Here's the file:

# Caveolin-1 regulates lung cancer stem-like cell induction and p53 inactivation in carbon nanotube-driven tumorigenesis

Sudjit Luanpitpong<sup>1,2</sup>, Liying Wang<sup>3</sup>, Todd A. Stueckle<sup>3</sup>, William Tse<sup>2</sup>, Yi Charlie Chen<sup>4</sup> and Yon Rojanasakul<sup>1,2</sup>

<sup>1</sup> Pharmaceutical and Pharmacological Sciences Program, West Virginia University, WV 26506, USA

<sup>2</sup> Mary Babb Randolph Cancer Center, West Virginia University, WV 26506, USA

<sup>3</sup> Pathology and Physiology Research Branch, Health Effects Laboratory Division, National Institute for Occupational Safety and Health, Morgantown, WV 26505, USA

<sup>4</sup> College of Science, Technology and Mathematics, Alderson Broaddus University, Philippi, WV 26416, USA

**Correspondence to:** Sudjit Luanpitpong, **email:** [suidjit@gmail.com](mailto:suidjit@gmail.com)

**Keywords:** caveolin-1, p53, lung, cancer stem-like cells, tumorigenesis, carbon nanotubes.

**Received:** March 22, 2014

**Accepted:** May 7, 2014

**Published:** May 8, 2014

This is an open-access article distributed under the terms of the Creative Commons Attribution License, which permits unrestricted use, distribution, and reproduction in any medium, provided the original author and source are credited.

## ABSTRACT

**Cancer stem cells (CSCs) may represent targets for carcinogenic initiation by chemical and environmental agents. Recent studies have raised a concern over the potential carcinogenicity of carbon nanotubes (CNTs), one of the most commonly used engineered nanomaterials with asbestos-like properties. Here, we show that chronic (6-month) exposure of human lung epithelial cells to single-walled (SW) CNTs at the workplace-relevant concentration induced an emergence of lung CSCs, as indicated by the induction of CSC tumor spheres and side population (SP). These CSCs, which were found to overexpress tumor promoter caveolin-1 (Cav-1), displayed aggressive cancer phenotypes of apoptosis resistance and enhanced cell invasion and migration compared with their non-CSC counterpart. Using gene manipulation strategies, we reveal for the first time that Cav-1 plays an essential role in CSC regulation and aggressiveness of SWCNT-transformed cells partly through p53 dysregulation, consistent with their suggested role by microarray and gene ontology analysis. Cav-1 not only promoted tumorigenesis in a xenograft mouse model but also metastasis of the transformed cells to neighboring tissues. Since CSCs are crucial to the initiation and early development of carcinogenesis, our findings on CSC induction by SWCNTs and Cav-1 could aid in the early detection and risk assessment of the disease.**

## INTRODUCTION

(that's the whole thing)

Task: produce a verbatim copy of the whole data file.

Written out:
# Caveolin-1 regulates lung cancer stem-like cell induction and p53 inactivation in carbon nanotube-driven tumorigenesis

Sudjit Luanpitpong<sup>1,2</sup>, Liying Wang<sup>3</sup>, Todd A. Stueckle<sup>3</sup>, William Tse<sup>2</sup>, Yi Charlie Chen<sup>4</sup> and Yon Rojanasakul<sup>1,2</sup>

<sup>1</sup> Pharmaceutical and Pharmacological Sciences Program, West Virginia University, WV 26506, USA

<sup>2</sup> Mary Babb Randolph Cancer Center, West Virginia University, WV 26506, USA

<sup>3</sup> Pathology and Physiology Research Branch, Health Effects Laboratory Division, National Institute for Occupational Safety and Health, Morgantown, WV 26505, USA

<sup>4</sup> College of Science, Technology and Mathematics, Alderson Broaddus University, Philippi, WV 26416, USA

**Correspondence to:** Sudjit Luanpitpong, **email:** [suidjit@gmail.com](mailto:suidjit@gmail.com)

**Keywords:** caveolin-1, p53, lung, cancer stem-like cells, tumorigenesis, carbon nanotubes.

**Received:** March 22, 2014

**Accepted:** May 7, 2014

**Published:** May 8, 2014

This is an open-access article distributed under the terms of the Creative Commons Attribution License, which permits unrestricted use, distribution, and reproduction in any medium, provided the original author and source are credited.

## ABSTRACT

**Cancer stem cells (CSCs) may represent targets for carcinogenic initiation by chemical and environmental agents. Recent studies have raised a concern over the potential carcinogenicity of carbon nanotubes (CNTs), one of the most commonly used engineered nanomaterials with asbestos-like properties. Here, we show that chronic (6-month) exposure of human lung epithelial cells to single-walled (SW) CNTs at the workplace-relevant concentration induced an emergence of lung CSCs, as indicated by the induction of CSC tumor spheres and side population (SP). These CSCs, which were found to overexpress tumor promoter caveolin-1 (Cav-1), displayed aggressive cancer phenotypes of apoptosis resistance and enhanced cell invasion and migration compared with their non-CSC counterpart. Using gene manipulation strategies, we reveal for the first time that Cav-1 plays an essential role in CSC regulation and aggressiveness of SWCNT-transformed cells partly through p53 dysregulation, consistent with their suggested role by microarray and gene ontology analysis. Cav-1 not only promoted tumorigenesis in a xenograft mouse model but also metastasis of the transformed cells to neighboring tissues. Since CSCs are crucial to the initiation and early development of carcinogenesis, our findings on CSC induction by SWCNTs and Cav-1 could aid in the early detection and risk assessment of the disease.**

## INTRODUCTION